Unspoken words leave dissatisfaction unvented, while undebated ideas leave meanings unclear. The developmental history of Taiwan literature is virtually a history of 'wars of the pen'. Literature is no exception. Writers use pens as swords, call forth battle formations with words, and face off against one another in earnest, literary combat. While systemic arguments and theories are sometimes established after the dust settles, other times, schisms may be created, adversarial factions formed, and even political taboos ruffled.
Brandishing Pens as Swords: Challenge Me if You Can!
As beliefs enable perseverance, artistic sense prompts critique. Writers have their own beliefs and artistic senses, so they naturally disagree with each other, thus establishing the tradition of laying down mutual challenges.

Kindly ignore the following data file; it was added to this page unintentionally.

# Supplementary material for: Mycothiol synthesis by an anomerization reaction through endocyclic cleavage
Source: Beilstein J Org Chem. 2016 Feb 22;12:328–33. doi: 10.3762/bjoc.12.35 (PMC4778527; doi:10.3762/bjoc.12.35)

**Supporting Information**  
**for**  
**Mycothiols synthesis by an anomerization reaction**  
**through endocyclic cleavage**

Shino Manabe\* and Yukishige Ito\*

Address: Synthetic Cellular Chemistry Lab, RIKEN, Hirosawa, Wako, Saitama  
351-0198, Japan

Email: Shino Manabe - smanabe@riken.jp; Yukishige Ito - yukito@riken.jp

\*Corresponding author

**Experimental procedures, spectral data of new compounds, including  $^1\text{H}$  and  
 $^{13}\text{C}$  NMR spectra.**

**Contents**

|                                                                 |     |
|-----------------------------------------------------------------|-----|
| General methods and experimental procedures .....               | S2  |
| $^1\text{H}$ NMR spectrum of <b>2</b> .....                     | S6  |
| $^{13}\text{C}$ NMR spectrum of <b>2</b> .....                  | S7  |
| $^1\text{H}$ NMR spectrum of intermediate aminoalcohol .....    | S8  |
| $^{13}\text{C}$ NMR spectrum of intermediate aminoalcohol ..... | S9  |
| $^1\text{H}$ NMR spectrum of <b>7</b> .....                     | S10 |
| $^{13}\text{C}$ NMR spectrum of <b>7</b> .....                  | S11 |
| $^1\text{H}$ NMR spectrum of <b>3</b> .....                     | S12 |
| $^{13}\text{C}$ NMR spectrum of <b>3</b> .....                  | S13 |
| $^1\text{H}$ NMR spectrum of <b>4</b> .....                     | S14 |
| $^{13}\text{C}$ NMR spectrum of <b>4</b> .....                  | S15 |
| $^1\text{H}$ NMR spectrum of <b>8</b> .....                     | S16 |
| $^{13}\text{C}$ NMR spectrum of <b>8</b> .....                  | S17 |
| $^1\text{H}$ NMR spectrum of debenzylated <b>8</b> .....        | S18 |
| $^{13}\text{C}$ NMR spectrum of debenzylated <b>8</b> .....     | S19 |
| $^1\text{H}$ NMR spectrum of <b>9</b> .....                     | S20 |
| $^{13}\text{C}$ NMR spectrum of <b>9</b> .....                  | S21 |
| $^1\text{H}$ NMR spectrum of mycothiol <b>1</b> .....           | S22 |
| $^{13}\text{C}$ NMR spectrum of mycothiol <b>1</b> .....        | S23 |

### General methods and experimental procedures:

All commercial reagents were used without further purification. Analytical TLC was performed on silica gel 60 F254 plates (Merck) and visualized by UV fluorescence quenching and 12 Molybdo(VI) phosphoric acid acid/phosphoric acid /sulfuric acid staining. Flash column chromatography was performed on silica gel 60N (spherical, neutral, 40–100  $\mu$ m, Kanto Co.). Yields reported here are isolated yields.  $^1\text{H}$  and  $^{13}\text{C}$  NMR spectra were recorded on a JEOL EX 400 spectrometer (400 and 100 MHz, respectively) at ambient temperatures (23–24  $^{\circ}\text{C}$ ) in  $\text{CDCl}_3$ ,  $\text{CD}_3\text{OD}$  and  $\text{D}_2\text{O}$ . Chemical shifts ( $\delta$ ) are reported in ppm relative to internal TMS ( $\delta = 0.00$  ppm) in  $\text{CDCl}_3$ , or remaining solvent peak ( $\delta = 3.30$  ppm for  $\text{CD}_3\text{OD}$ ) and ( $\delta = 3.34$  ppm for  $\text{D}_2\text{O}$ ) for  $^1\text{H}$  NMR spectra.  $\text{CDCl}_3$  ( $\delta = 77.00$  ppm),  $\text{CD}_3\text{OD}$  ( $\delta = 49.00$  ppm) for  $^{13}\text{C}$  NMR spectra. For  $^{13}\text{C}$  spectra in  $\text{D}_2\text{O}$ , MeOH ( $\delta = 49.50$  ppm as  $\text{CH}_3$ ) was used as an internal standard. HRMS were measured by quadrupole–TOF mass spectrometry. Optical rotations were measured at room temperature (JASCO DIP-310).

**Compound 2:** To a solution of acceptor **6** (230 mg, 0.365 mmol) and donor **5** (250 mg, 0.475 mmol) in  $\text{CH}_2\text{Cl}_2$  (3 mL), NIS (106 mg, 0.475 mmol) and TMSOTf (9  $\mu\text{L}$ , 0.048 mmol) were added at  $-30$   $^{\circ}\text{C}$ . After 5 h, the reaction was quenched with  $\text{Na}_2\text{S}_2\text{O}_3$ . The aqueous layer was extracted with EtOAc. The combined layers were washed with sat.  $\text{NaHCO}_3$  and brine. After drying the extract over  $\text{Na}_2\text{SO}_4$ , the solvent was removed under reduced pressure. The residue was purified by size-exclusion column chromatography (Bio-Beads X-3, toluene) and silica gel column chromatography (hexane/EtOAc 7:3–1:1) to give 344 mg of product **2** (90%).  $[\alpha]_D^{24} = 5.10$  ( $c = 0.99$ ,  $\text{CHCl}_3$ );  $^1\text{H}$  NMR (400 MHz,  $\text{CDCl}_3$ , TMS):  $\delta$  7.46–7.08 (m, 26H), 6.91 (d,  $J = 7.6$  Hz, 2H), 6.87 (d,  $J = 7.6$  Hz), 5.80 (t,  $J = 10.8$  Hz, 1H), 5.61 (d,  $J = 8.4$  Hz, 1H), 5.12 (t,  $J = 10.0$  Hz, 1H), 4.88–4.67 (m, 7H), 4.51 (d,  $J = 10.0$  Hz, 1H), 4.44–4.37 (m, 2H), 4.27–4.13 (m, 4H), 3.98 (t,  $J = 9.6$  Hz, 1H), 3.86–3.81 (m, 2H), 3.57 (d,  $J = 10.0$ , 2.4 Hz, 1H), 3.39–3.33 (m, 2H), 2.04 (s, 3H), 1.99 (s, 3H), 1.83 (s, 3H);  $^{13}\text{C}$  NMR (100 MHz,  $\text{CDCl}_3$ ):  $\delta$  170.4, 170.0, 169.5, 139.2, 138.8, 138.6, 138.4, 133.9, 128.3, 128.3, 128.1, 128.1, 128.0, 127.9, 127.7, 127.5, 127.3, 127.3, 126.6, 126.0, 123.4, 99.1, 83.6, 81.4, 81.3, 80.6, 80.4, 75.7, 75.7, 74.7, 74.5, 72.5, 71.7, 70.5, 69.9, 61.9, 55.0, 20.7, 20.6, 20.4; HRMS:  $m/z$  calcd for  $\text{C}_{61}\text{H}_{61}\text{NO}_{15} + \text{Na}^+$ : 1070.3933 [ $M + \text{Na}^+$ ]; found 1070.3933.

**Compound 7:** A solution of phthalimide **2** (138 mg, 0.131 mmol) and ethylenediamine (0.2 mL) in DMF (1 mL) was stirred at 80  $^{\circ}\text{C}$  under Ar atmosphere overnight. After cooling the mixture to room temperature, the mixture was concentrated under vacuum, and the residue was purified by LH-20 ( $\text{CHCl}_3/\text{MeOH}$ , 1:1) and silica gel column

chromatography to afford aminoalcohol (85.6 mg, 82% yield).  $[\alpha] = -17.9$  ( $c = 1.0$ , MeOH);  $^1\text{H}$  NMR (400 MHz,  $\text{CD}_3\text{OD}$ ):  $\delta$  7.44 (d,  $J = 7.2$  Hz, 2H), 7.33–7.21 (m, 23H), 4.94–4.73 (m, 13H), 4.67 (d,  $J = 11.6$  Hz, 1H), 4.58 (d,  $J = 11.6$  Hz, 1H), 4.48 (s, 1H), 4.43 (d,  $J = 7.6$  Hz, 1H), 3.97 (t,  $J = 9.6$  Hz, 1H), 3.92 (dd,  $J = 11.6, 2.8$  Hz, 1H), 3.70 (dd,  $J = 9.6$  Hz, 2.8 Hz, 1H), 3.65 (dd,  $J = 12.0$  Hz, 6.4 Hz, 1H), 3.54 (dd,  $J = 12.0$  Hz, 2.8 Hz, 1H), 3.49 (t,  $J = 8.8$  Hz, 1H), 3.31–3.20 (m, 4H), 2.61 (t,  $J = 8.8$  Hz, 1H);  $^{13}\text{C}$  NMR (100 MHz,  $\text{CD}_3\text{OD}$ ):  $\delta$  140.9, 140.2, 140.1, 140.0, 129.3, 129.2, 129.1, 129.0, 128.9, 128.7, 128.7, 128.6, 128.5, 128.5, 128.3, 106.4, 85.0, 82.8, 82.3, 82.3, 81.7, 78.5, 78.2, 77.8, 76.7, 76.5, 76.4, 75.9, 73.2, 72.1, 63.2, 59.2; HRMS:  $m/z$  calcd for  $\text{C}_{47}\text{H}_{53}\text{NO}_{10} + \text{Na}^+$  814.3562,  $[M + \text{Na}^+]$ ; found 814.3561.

Over the past century, multiple 'wars of the pen' of varying degrees of severity have been waged upon the battlefield of Taiwan literature. As writers are adept crafters of verbiage, the clashes of words among them have naturally been fierce. The phrase "challenge me if you can" conveys not only the satisfaction of fighting others freely but also the passion of these writer-combatants for the literary arts. Their determination is as sharp as a knife, and the pain suffered in setback or defeat shows what each participant feels is at stake.
All this could be said to start from that day in 1924…
Last Updated on 2020-11-20